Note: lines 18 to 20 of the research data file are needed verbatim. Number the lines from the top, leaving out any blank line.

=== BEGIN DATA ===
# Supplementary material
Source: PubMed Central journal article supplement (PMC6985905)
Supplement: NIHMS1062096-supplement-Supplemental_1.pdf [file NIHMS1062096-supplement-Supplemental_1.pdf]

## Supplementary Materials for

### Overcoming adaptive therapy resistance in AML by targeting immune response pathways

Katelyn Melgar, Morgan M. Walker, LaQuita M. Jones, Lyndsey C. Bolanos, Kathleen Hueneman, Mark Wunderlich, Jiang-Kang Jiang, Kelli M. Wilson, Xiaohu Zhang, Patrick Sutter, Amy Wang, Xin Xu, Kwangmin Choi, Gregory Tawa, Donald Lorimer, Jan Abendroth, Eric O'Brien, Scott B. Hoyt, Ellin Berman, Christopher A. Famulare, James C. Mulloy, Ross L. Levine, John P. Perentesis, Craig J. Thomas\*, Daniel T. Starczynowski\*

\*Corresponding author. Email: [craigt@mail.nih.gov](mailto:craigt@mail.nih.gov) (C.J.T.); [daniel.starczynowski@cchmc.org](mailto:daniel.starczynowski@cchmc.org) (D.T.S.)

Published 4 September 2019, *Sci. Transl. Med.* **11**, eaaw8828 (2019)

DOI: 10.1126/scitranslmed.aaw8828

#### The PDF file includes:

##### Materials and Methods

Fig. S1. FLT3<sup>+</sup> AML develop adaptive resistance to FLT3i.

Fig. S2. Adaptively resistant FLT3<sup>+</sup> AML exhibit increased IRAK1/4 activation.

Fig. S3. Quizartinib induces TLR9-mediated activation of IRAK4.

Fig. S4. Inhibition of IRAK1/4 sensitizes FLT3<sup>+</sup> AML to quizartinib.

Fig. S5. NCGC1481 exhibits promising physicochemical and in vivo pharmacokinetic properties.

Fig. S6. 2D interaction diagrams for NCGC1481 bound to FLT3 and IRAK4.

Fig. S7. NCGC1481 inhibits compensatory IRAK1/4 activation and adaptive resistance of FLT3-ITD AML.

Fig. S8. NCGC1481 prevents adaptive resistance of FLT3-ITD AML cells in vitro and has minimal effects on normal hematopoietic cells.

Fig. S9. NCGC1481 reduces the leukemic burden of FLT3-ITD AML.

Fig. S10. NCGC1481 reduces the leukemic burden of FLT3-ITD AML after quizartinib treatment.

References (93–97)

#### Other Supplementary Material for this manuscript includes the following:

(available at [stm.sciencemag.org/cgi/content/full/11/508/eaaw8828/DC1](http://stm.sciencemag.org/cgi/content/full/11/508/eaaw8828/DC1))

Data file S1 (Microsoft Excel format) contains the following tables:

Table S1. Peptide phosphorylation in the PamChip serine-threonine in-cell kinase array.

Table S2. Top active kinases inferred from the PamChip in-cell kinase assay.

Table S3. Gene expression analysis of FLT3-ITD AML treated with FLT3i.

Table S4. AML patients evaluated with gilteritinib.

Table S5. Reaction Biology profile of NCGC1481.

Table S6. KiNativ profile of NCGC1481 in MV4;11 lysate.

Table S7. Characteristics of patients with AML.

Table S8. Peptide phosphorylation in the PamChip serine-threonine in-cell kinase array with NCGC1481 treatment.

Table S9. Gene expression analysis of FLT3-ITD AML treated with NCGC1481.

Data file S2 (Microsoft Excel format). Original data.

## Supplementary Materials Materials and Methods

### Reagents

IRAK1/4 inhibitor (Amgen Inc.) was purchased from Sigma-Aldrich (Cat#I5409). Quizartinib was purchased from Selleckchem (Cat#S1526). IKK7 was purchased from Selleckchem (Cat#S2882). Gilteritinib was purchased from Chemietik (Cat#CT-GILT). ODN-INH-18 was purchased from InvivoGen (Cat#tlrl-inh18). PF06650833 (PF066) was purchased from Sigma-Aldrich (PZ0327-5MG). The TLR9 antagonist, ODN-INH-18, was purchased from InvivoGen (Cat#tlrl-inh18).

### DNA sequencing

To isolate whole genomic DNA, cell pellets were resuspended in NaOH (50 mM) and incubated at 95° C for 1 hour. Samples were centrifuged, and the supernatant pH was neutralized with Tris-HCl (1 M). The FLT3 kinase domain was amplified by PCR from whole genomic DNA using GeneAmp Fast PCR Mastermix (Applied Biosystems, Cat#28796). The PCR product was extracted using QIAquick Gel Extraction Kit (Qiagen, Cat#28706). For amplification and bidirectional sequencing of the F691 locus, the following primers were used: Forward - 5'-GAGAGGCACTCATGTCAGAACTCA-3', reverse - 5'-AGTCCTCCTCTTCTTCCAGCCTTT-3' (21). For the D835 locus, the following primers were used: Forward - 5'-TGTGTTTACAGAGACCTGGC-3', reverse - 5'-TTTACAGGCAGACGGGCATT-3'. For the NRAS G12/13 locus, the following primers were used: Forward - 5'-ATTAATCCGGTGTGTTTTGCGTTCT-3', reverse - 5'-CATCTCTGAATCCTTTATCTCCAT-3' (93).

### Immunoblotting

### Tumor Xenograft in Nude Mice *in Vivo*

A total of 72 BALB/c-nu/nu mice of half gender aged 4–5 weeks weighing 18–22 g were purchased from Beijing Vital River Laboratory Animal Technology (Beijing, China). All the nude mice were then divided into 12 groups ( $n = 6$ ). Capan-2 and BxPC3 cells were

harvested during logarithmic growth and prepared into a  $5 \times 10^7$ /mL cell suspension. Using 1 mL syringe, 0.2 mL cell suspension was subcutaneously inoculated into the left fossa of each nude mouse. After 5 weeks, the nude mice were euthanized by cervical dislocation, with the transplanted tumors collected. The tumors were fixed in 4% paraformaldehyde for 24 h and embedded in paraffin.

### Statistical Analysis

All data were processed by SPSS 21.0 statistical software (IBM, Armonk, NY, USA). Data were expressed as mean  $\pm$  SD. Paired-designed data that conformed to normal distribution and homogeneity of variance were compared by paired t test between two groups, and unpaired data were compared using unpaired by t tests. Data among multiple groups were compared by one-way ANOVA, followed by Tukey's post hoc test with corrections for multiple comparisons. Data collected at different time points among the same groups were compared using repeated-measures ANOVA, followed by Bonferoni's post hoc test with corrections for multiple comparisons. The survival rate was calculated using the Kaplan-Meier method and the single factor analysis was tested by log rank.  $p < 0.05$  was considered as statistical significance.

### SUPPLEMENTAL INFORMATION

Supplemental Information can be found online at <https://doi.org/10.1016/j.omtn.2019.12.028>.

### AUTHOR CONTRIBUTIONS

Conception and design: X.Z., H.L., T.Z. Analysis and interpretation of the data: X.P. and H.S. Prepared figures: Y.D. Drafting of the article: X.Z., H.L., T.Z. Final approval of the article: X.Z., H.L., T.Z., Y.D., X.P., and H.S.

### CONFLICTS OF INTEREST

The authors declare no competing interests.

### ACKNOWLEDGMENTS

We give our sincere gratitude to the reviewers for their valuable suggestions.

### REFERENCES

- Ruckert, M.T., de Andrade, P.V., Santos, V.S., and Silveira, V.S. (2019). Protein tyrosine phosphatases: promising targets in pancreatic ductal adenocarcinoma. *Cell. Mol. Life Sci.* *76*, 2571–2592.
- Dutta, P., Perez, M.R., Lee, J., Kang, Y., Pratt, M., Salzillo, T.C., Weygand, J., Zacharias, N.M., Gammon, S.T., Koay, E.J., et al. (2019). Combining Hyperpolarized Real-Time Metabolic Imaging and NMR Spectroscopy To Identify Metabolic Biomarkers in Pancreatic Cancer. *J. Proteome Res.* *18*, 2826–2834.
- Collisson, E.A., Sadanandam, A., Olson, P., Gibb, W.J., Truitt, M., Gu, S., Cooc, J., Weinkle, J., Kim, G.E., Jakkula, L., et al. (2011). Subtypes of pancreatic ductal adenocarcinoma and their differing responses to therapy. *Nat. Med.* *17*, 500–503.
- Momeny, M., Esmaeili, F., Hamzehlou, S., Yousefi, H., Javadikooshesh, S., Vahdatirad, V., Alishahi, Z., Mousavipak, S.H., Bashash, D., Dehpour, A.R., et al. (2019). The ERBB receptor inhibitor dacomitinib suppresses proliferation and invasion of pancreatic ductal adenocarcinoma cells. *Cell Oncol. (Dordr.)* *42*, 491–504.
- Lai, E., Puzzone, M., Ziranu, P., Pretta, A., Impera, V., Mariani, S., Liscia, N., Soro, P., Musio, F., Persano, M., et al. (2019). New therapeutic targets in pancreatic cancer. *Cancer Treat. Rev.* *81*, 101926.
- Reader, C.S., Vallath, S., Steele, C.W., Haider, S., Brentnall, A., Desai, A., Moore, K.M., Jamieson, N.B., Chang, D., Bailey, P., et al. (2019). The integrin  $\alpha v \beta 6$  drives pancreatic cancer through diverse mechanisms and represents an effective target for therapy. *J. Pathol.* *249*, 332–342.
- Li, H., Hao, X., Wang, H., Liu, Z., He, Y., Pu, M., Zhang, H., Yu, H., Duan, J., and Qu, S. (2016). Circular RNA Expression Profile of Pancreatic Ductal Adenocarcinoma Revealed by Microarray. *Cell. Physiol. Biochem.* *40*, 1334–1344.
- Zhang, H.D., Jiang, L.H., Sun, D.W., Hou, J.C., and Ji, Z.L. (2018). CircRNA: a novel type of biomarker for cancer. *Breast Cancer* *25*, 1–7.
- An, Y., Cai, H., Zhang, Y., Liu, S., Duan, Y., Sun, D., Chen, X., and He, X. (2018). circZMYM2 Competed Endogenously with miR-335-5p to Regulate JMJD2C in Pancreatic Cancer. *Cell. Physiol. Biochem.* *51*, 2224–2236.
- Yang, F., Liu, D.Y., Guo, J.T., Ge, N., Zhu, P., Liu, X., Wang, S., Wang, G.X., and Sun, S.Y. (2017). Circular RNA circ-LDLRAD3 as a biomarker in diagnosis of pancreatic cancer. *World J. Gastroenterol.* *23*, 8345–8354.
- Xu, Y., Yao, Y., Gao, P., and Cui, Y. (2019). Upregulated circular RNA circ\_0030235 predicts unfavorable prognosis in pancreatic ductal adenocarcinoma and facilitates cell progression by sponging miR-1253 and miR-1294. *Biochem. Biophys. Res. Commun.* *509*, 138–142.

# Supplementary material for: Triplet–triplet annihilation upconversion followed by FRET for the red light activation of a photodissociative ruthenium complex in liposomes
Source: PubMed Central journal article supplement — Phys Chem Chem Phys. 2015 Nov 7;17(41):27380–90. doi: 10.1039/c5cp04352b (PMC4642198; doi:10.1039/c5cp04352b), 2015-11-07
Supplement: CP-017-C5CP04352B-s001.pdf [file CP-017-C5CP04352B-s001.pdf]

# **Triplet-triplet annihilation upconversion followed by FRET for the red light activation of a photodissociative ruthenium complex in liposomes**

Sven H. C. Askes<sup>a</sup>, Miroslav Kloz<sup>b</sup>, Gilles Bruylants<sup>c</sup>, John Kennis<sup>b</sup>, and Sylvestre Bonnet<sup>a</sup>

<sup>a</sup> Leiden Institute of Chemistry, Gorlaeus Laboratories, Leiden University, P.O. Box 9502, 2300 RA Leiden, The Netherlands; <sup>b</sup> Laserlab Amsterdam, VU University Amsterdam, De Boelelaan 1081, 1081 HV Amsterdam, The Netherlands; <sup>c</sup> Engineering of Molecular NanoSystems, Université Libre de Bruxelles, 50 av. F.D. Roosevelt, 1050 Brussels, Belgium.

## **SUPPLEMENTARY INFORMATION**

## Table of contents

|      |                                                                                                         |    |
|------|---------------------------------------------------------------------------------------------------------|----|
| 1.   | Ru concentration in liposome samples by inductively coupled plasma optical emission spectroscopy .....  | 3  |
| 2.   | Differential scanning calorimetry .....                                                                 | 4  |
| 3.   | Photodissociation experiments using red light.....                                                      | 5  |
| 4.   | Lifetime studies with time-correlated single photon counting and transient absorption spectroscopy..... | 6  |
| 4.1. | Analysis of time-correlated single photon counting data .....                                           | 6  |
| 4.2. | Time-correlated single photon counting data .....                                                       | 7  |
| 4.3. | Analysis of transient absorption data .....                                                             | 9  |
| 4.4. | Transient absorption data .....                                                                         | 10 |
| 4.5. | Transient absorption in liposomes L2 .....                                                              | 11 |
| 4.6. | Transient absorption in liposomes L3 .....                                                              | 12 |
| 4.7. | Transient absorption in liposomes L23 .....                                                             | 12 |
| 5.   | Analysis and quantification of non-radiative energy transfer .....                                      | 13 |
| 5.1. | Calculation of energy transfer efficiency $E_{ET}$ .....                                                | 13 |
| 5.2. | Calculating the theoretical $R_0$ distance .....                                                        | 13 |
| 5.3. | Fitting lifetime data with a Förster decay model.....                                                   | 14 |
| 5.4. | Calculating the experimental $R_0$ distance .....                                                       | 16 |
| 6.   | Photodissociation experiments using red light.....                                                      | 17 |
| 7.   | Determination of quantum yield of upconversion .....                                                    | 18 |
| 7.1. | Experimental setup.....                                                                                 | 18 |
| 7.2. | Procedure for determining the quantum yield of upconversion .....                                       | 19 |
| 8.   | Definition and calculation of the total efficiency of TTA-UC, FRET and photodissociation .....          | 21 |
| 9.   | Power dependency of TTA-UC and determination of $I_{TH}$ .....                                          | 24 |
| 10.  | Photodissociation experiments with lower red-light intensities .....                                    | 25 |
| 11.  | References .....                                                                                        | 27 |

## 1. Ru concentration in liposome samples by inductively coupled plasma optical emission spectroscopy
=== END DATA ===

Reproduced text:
Fig. S7. NCGC1481 inhibits compensatory IRAK1/4 activation and adaptive resistance of FLT3-ITD AML.

Fig. S8. NCGC1481 prevents adaptive resistance of FLT3-ITD AML cells in vitro and has minimal effects on normal hematopoietic cells.

Fig. S9. NCGC1481 reduces the leukemic burden of FLT3-ITD AML.